Uganda: Besigye, Muntu Defer Over Direction of Defiance Campaign

Dr Kizza Besigye in his first press conference on Wednesday, a day after his release from jail, carefully avoided discussing his party's decision to appoint opposition leaders in Parliament.

That appointment, according to insiders, took the wind out of Besigye's defiance campaign, designed largely to expose the illegitimacy of the newly-elected ruling NRM government by refusing to work with it. The campaign was announced soon after the February 20 declaration of President Museveni's re-election victory, which FDC disputed.

At the press conference, Besigye, now a treason suspect, first pre-empted any possible questions about the party leadership's contradiction of his defiance message by saying that disagreements over tactics amongst the top party leaders should not be construed to mean irreconcilable differences.

"Matters of tactics...are matters that are debatable...FDC is not divided but our duty is to distil. It is not something that is a disagreement," Besigye said.

Currently, there is a silent disagreement between pro-Besigye and pro-Gen Mugisha Muntu camps arising from the FDC president's decision to appoint the opposition leadership in Parliament.

Although constitutionally, FDC, the leading opposition party, was supposed to choose the opposition leadership in parliament, some members opposed the move, arguing that naming leaders in Parliament would legitimise President Museveni's February 18 electoral victory, which runs counter to the defiance campaign. Muntu's action also closed any calls for an international audit of the February election.

Indeed, this disagreement came to the fore when the FDC secretary general, Nathan Nandala-Mafabi wrote to Parliament addressing Winnie Kiiza, the new leader of opposition in Parliament, LOP, as the minority leader. However, when Parliament rejected that title and subsequently, the appointment of Kiiza, Gen Muntu wrote back to Parliament to clarify the appointment.

Addressing the quiet conflict yesterday, Besigye said if he had participated in the discussion about the LOP's appointment, he would have pushed for a minority leader.

According to Besigye, under a presidential system, which is in Uganda, where the size of a party in Parliament does not affect the executive powers of the president;

"We should have a minority leader and majority leader, because you can win the elections and are expected to form a government, despite having a smaller number of MPs, which you cannot call the opposition."

Even then, sources close to Besigye, say the colonel is disappointed with Muntu's decision to appoint opposition leaders in parliament. But at the press briefing, Besigye avoided talking about the issue in specific terms. He also declined to speak about his next course of action but signalled the party will deal with that.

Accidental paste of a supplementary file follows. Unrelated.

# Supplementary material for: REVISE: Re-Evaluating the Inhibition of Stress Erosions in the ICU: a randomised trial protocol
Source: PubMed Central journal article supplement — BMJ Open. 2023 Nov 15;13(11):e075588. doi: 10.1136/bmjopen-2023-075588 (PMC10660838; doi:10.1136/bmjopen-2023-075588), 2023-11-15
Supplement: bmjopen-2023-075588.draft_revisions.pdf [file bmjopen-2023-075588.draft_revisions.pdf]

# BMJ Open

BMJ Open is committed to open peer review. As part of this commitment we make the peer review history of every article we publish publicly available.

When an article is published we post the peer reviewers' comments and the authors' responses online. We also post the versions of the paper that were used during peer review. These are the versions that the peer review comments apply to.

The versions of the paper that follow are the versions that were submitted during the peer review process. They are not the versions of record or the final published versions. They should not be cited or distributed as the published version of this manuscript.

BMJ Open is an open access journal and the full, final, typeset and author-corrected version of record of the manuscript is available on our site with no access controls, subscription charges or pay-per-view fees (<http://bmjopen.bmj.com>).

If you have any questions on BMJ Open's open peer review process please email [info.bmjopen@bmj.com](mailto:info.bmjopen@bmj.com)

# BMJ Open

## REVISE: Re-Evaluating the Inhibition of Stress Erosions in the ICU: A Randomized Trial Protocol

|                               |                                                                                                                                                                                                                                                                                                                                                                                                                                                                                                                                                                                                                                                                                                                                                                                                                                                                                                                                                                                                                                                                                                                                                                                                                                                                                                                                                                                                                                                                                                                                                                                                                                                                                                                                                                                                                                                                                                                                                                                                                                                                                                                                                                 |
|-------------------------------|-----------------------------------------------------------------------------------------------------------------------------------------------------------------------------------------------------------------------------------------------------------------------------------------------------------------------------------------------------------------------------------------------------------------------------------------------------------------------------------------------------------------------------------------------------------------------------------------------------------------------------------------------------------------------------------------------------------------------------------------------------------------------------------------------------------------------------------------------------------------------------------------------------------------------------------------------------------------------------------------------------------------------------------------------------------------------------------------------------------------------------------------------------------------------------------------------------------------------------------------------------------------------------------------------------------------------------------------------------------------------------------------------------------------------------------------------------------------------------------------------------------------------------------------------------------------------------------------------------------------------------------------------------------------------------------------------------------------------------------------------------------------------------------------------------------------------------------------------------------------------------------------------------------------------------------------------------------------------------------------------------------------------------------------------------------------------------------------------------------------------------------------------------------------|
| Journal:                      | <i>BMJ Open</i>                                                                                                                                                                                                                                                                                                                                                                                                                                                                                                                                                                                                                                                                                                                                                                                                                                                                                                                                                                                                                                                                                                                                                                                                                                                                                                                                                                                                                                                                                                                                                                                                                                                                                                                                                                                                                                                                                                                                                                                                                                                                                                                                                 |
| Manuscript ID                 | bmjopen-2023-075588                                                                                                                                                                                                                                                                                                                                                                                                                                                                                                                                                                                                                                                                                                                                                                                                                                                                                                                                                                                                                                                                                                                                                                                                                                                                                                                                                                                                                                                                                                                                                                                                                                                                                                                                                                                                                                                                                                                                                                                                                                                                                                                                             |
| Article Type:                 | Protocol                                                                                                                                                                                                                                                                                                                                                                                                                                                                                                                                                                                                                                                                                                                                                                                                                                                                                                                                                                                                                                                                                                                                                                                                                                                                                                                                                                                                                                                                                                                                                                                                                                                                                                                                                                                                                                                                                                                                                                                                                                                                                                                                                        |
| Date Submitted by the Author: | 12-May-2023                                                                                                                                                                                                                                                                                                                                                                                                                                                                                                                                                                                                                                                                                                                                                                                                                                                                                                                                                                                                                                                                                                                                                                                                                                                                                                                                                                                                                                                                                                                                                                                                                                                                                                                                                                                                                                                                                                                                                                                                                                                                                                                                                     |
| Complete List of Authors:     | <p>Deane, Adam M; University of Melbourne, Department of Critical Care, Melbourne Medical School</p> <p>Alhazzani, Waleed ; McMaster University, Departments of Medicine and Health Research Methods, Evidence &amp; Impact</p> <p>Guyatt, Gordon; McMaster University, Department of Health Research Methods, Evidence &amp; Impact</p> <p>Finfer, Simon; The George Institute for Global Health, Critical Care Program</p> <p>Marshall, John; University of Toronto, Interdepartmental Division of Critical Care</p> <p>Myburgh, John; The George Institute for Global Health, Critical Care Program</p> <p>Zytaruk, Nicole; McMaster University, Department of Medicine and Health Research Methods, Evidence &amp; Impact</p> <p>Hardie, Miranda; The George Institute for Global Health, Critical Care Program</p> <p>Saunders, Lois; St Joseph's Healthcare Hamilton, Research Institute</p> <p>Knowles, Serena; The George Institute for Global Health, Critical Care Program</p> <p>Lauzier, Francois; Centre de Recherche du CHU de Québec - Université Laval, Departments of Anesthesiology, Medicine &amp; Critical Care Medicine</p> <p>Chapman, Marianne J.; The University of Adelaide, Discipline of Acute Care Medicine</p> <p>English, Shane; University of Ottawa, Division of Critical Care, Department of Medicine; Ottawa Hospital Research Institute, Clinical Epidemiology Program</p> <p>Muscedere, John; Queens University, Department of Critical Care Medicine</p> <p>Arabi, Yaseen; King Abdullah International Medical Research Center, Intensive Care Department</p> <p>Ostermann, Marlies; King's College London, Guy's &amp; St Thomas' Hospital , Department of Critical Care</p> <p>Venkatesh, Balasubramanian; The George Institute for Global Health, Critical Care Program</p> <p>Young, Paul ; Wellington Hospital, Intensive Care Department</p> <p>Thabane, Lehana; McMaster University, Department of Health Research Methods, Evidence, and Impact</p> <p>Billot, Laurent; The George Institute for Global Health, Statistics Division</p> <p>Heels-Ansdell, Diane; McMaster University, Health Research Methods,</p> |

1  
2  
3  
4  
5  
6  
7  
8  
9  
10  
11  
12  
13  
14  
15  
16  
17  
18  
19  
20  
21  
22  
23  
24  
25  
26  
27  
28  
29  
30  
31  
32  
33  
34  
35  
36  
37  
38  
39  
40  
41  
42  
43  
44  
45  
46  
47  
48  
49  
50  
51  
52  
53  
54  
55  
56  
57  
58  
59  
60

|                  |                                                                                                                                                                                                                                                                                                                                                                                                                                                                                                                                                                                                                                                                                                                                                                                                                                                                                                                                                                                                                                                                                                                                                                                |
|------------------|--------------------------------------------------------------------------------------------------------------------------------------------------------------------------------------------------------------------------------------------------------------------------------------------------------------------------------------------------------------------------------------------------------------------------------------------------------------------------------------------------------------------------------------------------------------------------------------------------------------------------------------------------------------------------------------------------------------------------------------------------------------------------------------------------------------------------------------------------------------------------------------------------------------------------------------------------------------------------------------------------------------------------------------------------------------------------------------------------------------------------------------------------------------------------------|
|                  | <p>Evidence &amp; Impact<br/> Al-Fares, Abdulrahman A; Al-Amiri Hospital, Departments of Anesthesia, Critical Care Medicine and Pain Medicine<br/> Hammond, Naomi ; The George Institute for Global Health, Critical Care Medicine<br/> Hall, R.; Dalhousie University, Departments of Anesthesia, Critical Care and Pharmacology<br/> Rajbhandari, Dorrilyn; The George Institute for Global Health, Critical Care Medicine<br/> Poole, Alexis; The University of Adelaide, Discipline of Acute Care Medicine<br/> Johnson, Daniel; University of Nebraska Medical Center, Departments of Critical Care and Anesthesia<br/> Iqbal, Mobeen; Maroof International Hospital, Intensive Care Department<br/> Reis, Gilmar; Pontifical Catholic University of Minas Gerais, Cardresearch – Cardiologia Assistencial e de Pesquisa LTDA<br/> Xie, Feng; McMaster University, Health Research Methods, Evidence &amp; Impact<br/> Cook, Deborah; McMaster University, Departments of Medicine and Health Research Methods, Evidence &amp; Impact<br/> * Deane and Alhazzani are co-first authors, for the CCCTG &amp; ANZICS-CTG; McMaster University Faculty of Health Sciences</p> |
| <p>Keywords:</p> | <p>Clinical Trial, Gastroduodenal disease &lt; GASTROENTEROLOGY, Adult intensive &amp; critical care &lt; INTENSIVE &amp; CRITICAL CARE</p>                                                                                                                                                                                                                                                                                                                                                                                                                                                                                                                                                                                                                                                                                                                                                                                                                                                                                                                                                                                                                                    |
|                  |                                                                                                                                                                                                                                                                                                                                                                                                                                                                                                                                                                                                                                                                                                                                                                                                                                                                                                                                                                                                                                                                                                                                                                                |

Although publicly, senior FDC officials, Besigye and Muntu inclusive, downplay their disagreements over strategy, insiders within the party have disclosed that these disagreements seem to be growing.

"They appear to be secondary as Besigye [says], but in reality they are fundamental. You cannot tell me that when one voice says that we shall defy and another says we shall conform that there is no fundamental difference. In my view, there is, since in pursuit of any of the two, you deploy different methodologies and tactics," said one senior party leader, who declined to be named.

According to this senior leader, this continued clash of opinion over strategy has affected the party's pursuit of the two.

"We have ever debated this and at the conclusion of the discussion we embraced the two. Subsequently, when it came to implementation of both, the confusion emerged. The Muntu group, which believes in FDC functioning as a party, pursued it by concentrating on setting up structures while the defiance group pursued activism. Now more confusion emerged when the defiance group came into leadership [in 2015]," the official said.

According to this leader, when this group led by Nandala-Mafabi came back into the fold, it complicated the party's capacity to organise.

"We could not even organise primaries because they do not believe in it. We did not have our structures involved in the elections and, instead, we talked of power 10, which was not also in existence," said the leader.

The issue of strategy played a central role in the last presidential elections. In order to become the FDC presidential flag bearer, Dr Besigye used the defiance message as part of his campaign. Indeed, when asked during the FDC presidential flag bearer debate at Sheraton whether he would stand in an election without reforms, he gave a vague answer.

Muntu, on the other hand, maintained his position that building party structures is the way to go. In his conceding speech, Muntu said he would give defiance a chance but maintained that if it failed to deliver victory, the party would convene to reconsider the strategy. We understand that when the party convenes to debate the way forward, there will be a review of the defiance strategy and its sustainability.

Source: The Observer


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